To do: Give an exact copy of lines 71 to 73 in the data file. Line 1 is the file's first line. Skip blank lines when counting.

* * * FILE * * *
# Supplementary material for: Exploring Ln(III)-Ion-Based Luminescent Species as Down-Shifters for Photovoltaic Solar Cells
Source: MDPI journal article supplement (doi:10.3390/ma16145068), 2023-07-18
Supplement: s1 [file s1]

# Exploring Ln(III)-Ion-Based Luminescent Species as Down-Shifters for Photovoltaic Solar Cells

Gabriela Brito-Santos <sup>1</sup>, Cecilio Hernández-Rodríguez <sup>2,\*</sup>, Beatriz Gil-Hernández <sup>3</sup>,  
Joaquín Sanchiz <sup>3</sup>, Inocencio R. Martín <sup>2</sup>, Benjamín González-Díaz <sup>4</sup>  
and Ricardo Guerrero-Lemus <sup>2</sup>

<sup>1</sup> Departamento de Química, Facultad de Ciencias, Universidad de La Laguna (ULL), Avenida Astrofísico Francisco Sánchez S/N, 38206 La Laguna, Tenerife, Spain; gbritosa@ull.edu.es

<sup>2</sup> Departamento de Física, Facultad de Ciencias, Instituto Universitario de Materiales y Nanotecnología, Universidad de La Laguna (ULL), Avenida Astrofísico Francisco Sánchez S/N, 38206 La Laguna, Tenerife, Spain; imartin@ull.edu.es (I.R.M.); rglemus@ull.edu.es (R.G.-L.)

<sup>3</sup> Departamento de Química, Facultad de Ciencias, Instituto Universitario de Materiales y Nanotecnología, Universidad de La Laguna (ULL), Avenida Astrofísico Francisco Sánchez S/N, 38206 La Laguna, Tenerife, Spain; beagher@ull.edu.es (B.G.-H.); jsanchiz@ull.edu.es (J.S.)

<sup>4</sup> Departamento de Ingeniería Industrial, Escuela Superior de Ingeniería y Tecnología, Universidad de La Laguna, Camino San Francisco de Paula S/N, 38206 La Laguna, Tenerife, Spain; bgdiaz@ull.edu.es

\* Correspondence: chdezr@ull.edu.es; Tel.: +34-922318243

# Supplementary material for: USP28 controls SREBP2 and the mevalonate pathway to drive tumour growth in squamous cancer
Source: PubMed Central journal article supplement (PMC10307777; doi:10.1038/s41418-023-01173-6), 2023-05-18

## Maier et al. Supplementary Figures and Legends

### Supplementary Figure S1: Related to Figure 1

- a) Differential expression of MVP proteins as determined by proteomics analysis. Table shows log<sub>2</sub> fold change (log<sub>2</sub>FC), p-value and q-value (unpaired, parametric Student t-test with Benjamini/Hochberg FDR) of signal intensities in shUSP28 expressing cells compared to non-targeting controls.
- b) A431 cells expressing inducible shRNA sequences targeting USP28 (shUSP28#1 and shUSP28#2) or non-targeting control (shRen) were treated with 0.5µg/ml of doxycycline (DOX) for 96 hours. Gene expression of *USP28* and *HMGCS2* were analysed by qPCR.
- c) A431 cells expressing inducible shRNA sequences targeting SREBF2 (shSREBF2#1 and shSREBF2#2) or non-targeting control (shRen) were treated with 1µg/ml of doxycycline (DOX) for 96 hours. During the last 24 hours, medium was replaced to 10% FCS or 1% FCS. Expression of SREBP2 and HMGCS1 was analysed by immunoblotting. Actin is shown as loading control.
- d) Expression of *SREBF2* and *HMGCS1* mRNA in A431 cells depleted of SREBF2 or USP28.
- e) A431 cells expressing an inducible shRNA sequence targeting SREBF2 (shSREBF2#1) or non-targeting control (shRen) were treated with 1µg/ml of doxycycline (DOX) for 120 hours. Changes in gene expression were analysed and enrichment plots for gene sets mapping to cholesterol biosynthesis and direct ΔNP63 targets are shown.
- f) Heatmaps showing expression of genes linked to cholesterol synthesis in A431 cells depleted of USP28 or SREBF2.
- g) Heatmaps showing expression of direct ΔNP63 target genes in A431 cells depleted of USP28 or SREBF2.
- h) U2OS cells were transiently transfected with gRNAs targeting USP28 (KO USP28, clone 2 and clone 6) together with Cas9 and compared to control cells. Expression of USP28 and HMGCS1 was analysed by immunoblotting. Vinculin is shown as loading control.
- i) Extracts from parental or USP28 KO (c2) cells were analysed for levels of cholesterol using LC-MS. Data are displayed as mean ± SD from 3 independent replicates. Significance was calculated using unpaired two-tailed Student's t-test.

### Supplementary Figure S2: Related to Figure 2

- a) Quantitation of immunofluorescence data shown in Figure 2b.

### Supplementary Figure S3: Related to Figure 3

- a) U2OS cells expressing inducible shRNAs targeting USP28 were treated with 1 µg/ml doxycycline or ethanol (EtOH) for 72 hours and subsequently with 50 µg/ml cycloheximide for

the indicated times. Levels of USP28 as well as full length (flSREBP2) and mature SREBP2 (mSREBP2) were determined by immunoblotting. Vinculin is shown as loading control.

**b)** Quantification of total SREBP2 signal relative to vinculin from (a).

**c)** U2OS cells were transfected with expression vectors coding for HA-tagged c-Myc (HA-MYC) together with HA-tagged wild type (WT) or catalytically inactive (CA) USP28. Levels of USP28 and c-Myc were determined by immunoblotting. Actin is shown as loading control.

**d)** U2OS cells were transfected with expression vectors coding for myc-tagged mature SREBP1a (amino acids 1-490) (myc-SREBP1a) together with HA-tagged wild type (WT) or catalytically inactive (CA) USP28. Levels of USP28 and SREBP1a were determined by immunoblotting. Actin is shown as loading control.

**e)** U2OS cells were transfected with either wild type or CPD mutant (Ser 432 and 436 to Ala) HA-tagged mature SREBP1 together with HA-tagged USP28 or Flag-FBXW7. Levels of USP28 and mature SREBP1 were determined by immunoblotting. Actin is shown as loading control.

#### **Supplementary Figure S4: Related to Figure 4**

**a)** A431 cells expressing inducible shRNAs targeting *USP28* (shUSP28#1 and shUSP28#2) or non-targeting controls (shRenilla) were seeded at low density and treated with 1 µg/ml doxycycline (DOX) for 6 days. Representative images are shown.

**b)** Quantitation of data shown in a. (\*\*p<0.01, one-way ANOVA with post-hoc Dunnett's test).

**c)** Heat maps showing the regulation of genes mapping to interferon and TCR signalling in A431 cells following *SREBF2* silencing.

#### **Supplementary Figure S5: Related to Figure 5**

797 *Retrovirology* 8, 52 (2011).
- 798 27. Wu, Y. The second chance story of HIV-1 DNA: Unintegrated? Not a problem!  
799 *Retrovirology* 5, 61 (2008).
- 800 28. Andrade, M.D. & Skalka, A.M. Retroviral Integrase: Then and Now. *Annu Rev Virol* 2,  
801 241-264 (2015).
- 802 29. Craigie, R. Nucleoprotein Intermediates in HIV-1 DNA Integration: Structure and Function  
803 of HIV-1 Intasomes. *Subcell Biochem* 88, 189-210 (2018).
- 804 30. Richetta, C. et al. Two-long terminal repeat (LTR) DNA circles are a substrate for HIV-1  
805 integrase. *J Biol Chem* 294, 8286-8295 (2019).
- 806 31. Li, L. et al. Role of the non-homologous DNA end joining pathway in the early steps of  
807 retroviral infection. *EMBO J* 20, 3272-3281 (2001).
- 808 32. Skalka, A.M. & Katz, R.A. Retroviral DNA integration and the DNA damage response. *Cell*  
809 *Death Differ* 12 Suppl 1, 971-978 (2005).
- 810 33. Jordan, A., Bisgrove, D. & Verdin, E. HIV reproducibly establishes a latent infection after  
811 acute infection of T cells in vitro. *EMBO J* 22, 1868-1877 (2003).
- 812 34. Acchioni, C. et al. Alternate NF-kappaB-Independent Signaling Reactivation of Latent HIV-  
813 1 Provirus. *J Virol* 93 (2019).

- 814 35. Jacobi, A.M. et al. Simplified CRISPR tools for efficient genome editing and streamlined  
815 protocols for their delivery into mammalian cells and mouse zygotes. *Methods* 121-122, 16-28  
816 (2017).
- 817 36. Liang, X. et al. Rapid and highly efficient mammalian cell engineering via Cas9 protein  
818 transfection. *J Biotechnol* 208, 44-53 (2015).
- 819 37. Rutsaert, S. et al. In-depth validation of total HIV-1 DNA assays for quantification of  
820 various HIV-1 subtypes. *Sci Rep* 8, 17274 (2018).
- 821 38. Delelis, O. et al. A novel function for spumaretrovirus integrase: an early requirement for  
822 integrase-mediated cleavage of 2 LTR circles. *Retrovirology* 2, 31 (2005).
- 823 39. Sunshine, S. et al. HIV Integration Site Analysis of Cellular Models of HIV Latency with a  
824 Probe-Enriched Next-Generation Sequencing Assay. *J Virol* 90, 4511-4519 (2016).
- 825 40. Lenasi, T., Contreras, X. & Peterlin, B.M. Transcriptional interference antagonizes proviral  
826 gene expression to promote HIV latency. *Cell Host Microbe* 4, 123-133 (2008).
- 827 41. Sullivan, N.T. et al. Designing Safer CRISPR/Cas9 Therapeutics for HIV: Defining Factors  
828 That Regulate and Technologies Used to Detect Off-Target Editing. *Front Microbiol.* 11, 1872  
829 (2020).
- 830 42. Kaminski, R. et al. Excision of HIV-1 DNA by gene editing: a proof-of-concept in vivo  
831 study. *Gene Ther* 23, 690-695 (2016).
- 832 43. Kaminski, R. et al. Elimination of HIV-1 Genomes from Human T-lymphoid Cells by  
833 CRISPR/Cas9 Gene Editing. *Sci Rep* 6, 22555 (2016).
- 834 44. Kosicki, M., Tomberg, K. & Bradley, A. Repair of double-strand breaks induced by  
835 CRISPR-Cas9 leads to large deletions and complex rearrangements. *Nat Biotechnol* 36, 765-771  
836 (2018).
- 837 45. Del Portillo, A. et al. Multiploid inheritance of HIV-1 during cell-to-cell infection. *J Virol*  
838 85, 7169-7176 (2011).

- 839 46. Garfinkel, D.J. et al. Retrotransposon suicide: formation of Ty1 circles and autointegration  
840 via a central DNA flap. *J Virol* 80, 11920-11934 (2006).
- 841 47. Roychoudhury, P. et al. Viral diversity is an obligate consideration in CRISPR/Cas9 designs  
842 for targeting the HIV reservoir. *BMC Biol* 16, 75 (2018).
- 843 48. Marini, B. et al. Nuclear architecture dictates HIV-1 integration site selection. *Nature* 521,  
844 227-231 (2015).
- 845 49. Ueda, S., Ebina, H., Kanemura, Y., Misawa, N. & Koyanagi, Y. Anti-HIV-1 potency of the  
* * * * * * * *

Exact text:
828 That Regulate and Technologies Used to Detect Off-Target Editing. *Front Microbiol.* 11, 1872  
829 (2020).
- 830 42. Kaminski, R. et al. Excision of HIV-1 DNA by gene editing: a proof-of-concept in vivo  